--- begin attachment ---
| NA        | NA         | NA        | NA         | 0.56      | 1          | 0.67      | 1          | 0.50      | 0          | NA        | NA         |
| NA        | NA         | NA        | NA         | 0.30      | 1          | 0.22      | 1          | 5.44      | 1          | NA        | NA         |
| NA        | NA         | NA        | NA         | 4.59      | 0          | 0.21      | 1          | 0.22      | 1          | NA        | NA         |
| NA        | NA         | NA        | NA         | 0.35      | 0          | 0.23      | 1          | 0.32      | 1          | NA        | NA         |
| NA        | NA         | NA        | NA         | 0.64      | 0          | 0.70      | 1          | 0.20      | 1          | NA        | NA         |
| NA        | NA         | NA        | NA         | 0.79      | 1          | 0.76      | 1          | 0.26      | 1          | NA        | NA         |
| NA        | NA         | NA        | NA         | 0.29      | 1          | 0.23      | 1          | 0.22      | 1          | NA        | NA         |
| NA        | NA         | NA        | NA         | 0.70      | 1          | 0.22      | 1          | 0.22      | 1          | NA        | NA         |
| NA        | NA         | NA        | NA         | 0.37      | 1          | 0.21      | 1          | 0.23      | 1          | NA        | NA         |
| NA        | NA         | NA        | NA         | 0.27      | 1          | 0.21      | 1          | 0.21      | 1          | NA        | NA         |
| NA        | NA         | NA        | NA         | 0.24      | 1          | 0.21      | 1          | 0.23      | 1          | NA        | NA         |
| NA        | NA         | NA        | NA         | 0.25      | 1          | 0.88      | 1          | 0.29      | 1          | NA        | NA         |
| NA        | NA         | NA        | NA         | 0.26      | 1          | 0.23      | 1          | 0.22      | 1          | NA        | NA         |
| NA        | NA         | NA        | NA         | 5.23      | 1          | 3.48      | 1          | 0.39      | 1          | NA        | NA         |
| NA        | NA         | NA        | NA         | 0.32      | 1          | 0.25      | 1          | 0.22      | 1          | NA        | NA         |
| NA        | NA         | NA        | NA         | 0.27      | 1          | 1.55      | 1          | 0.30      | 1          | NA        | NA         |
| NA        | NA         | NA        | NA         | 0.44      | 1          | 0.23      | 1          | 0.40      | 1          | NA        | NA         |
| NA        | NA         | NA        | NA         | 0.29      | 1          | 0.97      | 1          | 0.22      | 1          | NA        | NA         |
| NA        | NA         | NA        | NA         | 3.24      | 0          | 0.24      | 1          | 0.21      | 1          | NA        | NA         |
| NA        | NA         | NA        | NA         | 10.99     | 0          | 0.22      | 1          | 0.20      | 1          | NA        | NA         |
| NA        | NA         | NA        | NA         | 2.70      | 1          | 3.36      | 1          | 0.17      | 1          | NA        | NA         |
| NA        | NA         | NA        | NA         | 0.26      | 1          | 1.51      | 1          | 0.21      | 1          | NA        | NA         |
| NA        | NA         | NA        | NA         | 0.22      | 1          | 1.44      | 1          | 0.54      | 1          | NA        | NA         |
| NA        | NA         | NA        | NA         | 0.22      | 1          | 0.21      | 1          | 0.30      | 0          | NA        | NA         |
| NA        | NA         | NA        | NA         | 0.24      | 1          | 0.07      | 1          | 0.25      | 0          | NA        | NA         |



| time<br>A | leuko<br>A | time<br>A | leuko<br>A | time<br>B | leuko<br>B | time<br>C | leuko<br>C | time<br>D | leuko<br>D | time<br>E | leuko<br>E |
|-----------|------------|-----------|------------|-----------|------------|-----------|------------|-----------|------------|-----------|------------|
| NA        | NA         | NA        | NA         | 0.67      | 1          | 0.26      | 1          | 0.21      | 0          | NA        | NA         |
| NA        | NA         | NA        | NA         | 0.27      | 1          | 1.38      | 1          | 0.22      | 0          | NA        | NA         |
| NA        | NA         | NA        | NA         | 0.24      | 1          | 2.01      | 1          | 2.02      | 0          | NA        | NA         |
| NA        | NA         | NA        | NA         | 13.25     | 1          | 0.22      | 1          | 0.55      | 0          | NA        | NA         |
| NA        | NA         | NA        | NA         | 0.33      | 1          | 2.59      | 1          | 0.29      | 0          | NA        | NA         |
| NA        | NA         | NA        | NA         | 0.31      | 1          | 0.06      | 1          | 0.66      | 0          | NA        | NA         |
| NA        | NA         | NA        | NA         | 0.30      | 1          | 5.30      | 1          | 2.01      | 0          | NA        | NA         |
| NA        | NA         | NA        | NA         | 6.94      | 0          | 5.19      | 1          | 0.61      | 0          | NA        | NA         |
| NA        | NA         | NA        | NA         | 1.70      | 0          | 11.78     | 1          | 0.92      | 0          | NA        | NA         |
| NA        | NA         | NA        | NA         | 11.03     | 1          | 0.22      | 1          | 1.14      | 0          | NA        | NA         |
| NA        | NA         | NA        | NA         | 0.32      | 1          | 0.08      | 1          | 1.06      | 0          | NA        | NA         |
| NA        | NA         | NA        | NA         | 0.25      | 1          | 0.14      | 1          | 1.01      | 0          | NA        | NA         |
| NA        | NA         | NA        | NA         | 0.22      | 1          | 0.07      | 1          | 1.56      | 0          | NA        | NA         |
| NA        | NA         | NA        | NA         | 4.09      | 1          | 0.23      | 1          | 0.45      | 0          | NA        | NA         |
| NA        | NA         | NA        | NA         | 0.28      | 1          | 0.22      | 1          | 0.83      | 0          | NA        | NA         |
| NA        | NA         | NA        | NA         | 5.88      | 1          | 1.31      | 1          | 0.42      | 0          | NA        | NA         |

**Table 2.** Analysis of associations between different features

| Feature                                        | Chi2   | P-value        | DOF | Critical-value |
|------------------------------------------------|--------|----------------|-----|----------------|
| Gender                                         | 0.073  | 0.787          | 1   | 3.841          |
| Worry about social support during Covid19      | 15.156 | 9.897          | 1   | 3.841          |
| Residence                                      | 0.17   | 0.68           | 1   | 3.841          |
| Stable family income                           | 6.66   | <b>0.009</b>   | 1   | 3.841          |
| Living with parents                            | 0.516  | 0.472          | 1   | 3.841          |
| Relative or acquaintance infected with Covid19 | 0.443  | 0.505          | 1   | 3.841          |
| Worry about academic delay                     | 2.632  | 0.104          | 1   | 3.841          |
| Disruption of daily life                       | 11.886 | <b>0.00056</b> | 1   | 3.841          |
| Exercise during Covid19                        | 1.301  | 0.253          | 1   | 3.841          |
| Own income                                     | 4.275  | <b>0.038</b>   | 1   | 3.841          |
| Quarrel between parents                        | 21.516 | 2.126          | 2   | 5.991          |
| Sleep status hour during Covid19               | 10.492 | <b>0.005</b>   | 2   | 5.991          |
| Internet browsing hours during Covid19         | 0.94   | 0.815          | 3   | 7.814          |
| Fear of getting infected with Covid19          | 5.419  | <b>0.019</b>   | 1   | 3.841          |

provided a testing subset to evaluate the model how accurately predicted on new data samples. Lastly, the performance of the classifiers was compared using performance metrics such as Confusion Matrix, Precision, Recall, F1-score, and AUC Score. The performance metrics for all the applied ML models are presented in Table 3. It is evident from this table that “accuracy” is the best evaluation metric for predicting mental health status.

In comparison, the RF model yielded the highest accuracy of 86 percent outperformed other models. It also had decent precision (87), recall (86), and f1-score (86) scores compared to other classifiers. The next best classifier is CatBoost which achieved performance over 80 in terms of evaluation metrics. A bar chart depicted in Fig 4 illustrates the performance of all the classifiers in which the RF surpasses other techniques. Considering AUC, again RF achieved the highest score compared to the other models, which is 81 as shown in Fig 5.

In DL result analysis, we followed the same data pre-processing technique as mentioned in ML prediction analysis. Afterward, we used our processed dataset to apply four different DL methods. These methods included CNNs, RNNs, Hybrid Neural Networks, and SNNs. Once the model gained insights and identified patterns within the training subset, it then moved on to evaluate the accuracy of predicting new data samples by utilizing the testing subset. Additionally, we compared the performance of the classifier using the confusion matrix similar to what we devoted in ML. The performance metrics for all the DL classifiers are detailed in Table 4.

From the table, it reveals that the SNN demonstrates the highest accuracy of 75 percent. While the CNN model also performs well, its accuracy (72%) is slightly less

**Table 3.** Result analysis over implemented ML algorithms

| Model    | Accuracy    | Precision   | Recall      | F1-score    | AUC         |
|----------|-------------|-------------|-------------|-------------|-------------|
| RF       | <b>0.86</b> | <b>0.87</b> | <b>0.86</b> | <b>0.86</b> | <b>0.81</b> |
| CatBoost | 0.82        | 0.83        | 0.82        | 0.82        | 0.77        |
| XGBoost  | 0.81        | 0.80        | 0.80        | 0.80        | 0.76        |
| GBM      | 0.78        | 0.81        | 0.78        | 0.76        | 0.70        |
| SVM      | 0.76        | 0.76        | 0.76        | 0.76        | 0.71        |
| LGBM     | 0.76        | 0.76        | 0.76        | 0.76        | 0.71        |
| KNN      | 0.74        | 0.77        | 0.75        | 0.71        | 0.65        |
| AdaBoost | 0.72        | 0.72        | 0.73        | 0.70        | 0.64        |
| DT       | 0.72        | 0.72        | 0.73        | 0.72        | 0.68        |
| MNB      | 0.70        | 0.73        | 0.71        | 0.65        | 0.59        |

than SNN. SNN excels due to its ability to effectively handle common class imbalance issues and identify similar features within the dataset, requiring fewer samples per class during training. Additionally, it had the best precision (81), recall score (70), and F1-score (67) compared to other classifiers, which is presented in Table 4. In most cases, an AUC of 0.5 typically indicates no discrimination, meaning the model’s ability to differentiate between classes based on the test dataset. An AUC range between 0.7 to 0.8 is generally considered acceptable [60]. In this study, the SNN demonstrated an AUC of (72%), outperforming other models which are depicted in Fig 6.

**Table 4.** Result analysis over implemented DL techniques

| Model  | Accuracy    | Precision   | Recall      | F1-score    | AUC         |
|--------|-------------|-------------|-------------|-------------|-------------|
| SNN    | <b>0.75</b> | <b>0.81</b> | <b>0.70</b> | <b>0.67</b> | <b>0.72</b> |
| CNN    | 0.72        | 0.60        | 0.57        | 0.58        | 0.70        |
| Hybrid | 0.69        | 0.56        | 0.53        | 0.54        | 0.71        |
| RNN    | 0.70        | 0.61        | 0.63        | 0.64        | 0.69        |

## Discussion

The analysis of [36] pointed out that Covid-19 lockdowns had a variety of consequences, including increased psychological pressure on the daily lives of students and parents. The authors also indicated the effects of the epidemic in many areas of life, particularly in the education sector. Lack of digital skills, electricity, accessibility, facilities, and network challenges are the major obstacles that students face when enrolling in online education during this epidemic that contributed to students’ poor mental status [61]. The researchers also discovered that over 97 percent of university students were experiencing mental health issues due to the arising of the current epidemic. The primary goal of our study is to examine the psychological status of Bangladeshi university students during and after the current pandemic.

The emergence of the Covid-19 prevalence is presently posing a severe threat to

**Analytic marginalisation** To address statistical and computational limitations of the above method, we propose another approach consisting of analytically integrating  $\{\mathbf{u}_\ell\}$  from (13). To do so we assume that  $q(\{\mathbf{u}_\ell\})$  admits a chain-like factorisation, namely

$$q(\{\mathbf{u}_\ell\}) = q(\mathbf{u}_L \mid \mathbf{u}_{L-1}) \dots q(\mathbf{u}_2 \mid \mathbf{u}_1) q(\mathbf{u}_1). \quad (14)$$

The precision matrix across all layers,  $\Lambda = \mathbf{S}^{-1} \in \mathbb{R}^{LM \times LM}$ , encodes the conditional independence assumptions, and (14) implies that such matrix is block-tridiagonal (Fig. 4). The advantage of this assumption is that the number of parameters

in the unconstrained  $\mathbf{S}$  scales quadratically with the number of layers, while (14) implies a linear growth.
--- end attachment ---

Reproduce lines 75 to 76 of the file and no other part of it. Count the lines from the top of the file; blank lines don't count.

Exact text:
| AdaBoost | 0.72        | 0.72        | 0.73        | 0.70        | 0.64        |
| DT       | 0.72        | 0.72        | 0.73        | 0.72        | 0.68        |